Coffee and Eyesight, Kissing and Swine Flu, and More

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If you're straining to read this, put down the Starbucks—Harvard researchers recently found a link between glaucoma incidence in adults and consumption of more than three cups of coffee a day. Between squinting and sipping, Harvard researchers have made multiple discoveries in the past few weeks, from using genetics to figure out when the Neanderthals were most likely to have mated with modern humans to discovering that Mexicans are more likely than Britons to abstain from kissing to prevent the spread of swine flu.

Researchers from the Harvard Medical School, MIT, and the Max Planck Institute in Germany recently published an article that suggests that interbreeding between modern humans and Neanderthals may have occurred during and after the period in which modern humans emigrated from Africa. To do so, the researchers used linkage disequilibrium to determine the extent to which there was gene flow from Neanderthals to modern Europeans. Their findings indicated that any such flow occurred 37,000-86,000 years ago, just as modern humans were believed to have been emigrating from Africa to other continents.

The Harvard School of Public Health conducted a study to assess global receptivity of swine flu prevention strategies, such as hand washing. Questionnaires were distributed via phone calls in the US, Argentina, Japan, Mexico, and the UK. Interestingly, the survey found that 46 percent of Mexicans versus only 2 percent of Britons refrained from kissing or hugging in order to prevent the spread of the H1N1 flu. The study suggests that preventative measures such as abstaining from contact as well as using hand sanitizer and frequent hand washing is the best way to combat the pandemic.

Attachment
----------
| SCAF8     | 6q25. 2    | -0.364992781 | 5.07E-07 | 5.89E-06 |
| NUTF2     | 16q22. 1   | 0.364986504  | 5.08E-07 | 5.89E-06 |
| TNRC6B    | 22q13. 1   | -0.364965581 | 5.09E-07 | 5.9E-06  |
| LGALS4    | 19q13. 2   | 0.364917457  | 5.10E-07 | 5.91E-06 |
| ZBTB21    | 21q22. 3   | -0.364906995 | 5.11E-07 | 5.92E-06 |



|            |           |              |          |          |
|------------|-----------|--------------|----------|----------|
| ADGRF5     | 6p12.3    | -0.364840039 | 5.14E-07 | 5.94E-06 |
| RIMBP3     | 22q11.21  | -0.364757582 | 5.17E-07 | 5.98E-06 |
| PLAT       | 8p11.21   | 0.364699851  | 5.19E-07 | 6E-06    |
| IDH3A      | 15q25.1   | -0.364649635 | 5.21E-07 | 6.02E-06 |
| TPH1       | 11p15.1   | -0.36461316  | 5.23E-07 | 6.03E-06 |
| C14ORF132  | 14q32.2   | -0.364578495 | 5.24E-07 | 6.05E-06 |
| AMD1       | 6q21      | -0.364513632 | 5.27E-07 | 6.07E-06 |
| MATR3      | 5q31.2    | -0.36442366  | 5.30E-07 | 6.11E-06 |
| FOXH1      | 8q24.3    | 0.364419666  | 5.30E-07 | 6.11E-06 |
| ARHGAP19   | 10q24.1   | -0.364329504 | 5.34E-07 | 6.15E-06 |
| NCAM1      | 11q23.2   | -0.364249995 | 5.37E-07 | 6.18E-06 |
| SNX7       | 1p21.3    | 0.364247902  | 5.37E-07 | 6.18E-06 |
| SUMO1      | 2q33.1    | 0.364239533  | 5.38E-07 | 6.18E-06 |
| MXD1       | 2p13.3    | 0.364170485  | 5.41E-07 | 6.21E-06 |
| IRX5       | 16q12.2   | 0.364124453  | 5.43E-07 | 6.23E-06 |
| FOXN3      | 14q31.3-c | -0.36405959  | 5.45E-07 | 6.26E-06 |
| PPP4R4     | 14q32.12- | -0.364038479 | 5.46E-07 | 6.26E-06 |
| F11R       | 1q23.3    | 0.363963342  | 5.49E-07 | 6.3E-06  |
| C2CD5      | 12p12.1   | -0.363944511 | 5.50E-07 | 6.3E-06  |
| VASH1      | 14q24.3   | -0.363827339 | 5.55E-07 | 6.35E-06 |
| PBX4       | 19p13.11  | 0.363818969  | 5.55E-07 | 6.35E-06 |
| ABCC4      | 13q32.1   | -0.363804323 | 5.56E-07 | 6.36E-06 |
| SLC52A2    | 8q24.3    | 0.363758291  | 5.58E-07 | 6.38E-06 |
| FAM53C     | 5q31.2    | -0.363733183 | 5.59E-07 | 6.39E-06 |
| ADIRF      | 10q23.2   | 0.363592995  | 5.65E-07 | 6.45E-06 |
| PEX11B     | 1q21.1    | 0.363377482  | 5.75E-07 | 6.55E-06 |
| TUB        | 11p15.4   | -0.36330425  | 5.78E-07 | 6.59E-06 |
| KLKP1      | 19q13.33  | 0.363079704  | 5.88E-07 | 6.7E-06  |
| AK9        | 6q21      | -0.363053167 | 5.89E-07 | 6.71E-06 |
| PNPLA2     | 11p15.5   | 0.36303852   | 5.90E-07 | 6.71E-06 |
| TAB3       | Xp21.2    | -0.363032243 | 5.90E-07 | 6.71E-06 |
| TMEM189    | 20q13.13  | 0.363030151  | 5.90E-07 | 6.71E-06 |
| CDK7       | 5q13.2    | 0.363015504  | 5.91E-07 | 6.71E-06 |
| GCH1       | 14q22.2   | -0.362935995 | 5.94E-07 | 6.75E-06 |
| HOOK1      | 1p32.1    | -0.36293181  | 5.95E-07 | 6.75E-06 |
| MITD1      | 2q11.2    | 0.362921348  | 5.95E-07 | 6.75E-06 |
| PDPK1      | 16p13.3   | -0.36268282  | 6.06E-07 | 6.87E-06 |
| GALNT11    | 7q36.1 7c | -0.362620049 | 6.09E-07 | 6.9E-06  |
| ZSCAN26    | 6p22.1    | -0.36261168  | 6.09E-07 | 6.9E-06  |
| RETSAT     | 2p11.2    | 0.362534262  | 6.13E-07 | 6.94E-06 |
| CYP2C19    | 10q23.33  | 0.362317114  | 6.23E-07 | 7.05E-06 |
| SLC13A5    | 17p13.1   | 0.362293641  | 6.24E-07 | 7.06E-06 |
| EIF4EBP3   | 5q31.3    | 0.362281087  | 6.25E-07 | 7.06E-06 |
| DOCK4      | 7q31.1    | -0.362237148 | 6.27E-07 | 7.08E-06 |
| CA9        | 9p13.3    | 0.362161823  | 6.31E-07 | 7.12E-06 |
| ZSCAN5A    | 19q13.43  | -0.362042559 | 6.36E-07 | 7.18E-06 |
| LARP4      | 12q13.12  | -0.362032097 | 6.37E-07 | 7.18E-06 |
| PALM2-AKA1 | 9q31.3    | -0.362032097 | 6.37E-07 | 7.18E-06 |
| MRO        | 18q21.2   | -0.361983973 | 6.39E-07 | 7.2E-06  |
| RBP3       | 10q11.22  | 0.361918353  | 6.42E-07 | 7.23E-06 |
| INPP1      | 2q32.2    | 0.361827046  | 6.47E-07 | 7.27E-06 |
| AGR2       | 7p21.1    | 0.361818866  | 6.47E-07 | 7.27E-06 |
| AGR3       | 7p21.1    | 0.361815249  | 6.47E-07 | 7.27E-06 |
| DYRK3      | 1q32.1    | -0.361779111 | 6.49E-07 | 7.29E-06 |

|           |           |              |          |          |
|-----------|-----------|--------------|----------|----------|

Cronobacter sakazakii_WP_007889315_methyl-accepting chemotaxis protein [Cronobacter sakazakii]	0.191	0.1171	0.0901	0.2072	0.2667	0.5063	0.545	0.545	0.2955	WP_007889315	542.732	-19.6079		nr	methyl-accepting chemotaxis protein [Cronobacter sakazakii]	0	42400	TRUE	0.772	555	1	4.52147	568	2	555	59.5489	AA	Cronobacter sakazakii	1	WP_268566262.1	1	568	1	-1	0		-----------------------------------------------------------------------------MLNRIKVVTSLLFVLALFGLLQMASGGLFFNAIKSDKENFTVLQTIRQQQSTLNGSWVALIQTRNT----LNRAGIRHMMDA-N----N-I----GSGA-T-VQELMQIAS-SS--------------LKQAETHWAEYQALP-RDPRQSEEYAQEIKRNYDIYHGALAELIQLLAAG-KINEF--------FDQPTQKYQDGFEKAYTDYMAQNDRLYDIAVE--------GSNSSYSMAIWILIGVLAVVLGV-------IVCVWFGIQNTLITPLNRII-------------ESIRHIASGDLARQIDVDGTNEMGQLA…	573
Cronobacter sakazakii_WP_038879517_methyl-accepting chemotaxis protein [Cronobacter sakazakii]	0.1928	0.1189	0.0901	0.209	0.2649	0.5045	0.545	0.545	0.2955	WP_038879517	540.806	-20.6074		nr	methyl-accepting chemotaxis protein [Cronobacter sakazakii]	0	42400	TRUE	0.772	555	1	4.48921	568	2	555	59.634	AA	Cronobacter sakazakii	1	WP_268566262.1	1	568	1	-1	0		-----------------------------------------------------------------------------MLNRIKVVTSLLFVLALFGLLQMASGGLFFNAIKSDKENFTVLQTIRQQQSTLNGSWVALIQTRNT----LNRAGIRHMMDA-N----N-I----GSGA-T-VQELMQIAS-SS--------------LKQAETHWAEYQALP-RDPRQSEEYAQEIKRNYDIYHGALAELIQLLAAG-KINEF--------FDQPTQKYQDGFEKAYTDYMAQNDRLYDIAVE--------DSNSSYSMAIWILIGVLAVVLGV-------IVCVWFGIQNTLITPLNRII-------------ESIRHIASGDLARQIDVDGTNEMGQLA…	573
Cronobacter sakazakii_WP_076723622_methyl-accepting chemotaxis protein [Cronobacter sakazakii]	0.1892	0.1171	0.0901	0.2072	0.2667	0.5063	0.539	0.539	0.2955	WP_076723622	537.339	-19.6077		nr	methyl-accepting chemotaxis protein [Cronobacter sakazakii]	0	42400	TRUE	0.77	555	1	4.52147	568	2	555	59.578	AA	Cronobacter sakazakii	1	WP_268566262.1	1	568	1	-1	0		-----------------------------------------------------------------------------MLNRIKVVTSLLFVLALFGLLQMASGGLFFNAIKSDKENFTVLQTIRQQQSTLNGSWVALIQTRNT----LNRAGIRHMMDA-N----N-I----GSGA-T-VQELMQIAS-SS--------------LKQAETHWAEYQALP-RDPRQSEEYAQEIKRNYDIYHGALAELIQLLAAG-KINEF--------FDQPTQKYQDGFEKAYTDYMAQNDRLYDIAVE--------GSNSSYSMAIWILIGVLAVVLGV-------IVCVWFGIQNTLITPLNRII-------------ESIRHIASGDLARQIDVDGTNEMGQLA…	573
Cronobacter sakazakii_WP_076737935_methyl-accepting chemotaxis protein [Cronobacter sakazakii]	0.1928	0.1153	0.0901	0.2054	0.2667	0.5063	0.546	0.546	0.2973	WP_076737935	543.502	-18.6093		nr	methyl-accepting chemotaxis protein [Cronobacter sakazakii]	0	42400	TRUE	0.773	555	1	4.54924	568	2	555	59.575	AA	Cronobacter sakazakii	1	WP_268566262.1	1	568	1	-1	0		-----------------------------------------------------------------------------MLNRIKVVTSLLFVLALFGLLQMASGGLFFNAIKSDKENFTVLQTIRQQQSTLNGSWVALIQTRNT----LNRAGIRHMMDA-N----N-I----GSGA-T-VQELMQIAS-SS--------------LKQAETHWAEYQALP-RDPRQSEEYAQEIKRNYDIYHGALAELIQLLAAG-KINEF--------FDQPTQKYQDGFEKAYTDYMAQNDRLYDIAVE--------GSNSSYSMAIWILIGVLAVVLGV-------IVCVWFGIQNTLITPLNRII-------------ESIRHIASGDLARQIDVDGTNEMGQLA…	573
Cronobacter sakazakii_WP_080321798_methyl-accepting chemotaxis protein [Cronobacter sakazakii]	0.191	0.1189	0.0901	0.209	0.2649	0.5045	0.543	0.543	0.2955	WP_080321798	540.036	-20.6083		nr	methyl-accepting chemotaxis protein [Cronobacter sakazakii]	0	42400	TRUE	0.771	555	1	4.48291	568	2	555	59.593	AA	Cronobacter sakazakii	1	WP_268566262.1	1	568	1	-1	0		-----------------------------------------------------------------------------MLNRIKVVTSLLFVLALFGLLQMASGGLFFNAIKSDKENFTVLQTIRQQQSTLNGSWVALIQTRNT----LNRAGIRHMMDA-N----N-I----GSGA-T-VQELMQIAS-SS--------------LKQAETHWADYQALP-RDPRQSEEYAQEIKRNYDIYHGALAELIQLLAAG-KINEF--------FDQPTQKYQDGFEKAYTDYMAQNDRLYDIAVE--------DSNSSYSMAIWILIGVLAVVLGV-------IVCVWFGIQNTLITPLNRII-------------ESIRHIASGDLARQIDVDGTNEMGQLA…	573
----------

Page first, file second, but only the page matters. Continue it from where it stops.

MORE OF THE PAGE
Researchers from the Harvard and Yale medical schools confirmed that sugary beverages contribute to significant weight gain. Two hundred and twenty-four adolescents classified as obese or overweight who regularly drank sugary drinks were assigned to two groups. The control group continued their current diet, while the experimental group was placed on a program to decrease their consumption of sugary drinks. One year after the intervention, the researchers checked in with the experimental group. It was found that adolescents in the experimental group gained weight at a slower rate than their control counterparts who continued to drink sugary beverages.

The Harvard Medical School and the University of Bordeaux in France published a study linking sleeping pill usage and dementia in retirees. Out of 1063 patients who took benzodiazepines and were previously free of dementia, 253 developed dementia in a 15-year follow-up period. When coupled with a control group of the same age that did not regularly use sleeping pills, those who used the drug had a 50 percent increased risk of developing dementia.

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